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46

why weren't they completely attracted by their gravitational field? How much a trajectory is changed, depends on 3 factors: the mass of the planet, the speed of the spacecraft, the distance between spacecraft and planet Voyager's speed and distance were chosen to make sure Voyager wouldn't enter orbit around the planet. Voyager's speed before approaching ...


21

To add to the answers @Hobbes & @Steve Linton posted, the mission designers indeed knew Jupiter's gravity field quite well from the orbits of Jupiter's moons. But before the Voyagers arrived they got additional measurements from the close flybys of two other spacecraft, Pioneers 10 and 11. @Steve Linton correctly describes the effect of the "sideways" ...


20

Whilst the main factors involved in transferring energy to space craft during a flyby are well known, I believe this is a reference to several observed anomalies that have occurred to various space probes, covering everything from the early Pioneer probes to the much more recent Rosetta probe. The researchers looked at five deep-space probes — Galileo to ...


18

JunoCam used different technologies than does the typical framing camera one buys at a store. A typical digital color camera uses a Bayer filter pattern, a row of alternating tiny blue and green filters, followed by a row of alternating tiny green and red filters, each filter covering a pixel, followed by a row of alternating tiny blue and green filters, and ...


16

JAXA's Hayabusa came to within 44 meters of 25143 Itokawa, which, in an unfortunate sequence of events, lead to its lander MINERVA to miss the target: MINERVA was deployed on 12 November 2005. The lander release command was sent from Earth, but before the command could arrive, Hayabusa's altimeter measured its distance from Itokawa to be 44 m (144 ft) ...


16

In simple explanation, we won't able to know what's up with New Horizons right away. The probe will be busy collecting all the science data during the high-speed flyby. Closest approach will be at a distance of 3,500 kilometers at about 05:33 on 1 January UTC, and it’ll happen at a zippy 14.16 kilometers per second. [1] (empasis mine) As happened at ...


15

Let's try and understand how gravity works in space. This is kind of key idea to understanding lots of issues in space travel and astronomy. So imagine a space probe, or rock, which is heading in from deep space, aimed almost, but not quite towards a planet. We can break that motion into two parts -- the part towards the planet and the "sideways" part. The ...


13

Here's how, using an approximate patched conic technique. The $\Delta V$ using instantaneous (e.g. chemical propulsion) maneuvers can be determined by repeated application of this equation that simply says that the total energy is the sum of the kinetic energy and the potential energy: $\mathcal{E}=\frac{v^2}{2}-\frac{\mu}{r}$ where $\mathcal{E}$ is the ...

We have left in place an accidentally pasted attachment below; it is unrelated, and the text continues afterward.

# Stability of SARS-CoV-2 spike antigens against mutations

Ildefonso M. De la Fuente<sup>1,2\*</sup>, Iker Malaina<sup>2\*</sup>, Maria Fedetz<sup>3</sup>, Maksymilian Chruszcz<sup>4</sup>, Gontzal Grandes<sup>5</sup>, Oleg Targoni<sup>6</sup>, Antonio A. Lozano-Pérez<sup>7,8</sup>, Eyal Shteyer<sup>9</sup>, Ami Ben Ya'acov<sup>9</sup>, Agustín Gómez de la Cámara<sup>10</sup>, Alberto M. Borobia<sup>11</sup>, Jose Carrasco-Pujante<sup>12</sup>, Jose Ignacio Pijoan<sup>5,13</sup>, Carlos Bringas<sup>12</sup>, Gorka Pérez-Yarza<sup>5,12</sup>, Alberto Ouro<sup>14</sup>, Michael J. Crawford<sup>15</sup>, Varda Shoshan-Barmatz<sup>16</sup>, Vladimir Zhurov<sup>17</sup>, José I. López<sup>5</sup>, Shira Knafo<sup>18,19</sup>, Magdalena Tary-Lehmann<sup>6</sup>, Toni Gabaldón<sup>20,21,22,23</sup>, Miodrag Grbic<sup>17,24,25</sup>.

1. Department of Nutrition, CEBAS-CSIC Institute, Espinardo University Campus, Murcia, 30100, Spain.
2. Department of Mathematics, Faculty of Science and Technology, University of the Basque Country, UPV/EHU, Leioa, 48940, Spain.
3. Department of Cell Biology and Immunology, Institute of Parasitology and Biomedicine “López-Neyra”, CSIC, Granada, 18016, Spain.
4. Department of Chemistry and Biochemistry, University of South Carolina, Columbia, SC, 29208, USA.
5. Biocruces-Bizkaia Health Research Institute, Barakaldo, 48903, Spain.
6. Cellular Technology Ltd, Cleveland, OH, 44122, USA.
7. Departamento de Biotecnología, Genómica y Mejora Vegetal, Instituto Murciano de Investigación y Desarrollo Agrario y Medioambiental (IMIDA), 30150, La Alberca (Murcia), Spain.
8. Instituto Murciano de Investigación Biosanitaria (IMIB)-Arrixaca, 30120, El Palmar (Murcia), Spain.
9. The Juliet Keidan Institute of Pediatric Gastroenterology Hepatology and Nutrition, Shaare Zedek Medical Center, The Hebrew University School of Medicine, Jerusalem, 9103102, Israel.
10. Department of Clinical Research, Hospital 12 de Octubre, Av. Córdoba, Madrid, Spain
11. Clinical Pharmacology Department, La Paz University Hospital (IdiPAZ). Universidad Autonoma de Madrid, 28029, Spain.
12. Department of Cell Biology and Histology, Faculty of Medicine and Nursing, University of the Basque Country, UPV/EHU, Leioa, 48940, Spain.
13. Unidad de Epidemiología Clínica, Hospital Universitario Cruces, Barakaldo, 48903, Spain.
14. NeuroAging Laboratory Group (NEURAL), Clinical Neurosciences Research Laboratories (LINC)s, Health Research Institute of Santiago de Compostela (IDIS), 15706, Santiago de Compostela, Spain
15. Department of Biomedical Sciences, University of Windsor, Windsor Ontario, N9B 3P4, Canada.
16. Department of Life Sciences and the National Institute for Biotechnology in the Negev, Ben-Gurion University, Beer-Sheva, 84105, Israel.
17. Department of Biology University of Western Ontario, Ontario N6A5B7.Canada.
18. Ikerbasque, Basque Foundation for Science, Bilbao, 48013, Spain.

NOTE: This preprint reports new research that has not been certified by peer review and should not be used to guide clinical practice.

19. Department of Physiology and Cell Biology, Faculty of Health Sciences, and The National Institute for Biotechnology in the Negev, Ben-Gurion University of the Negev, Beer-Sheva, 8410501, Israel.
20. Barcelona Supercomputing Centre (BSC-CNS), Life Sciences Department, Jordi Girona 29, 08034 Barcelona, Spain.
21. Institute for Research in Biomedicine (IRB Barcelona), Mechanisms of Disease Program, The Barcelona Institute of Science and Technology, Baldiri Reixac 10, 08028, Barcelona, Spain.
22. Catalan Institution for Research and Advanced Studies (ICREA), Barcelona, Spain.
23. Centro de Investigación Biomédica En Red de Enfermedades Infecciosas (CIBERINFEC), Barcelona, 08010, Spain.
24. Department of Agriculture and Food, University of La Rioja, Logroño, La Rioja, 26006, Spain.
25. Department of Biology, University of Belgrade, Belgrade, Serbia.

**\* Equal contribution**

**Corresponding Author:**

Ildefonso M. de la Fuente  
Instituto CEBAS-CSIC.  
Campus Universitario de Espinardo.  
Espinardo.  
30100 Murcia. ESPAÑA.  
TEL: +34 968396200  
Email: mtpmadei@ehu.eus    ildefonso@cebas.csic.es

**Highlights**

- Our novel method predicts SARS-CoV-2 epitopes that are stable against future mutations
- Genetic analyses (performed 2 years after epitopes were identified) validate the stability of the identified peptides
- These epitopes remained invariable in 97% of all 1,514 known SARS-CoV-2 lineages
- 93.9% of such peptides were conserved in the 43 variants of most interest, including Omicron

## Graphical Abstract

12

No, the Atlas 551 is not powerful enough to send Juno to Jupiter. From this article on NASA's website: The Juno spacecraft was launched from Kennedy Space Center in Florida on August 5, 2011. Juno’s launch vehicle was capable of giving the spacecraft only enough energy to reach the asteroid belt, at which point the sun’s gravity pulled it back ...


12

This last downlink transmission, ending ~24 hours before the flyby is a contingency plan. If New Horizons has a catastrophic collision as it passes through the Pluto system, we'll at least have some data. This downlink is called "Fail Safe D". NH Closest approach: July 14, 2015 11:49:57 UTC From Emily Lakdawalla's list, all times are Earth time (i.e. the ...


12

The flyby distance will depend on how accurately they can measure 2014 MU69's orbit. This KBO was discovered only 3 years ago, and because it's so faint we only have a few observations to go on. For the Pluto encounter, the NH team went back to the Lowell observatory archives to measure the original plates made by Tombaugh when he discovered Pluto, in an ...


11

It was displayed publicly yesterday! At a Karman lecture held by Mr. Blaine Baggett, Director, Office of Communication and Education, JPL. It might not be archived and available to download right now, but soon it will. And I'm sorry for being a spoiler, but it is in the last few minutes of his show. Even the crayons used to draw it are preserved. (I might ...


10

During the maneuver? Certainly not. You don't mess with the spacecraft configuration around or anywhere near critical events unless it is absolutely necessary. Modern spacecraft are all designed to permit their flight software to be updated. A complete image of the new flight software is uploaded the spacecraft. The image's integrity is verified, and ...


10

Chinese Chang'e 2 flew 3.2 km from the asteroid 4179 Toutatis (size: 4.7×2.4×1.9 km) in 2012 after having ended its primary Lunar mission. Maybe a record for intentional flyby's? Here's a list of the 21 asteroids and comets and minor planets visited by spacecrafts, with closest approach altitude. One way to define it is in number of object radii, and then ...


10

Yes, the Flyby Anomaly is still an unsolved problem. Studies have found several candidates for the cause of the anomaly. A recent study examined Juno's behavior on its Jupiter orbits, and found the anomaly there as well: “Our conclusion is that an anomalous acceleration is also acting upon the Juno spacecraft in the vicinity of the perijove (in this ...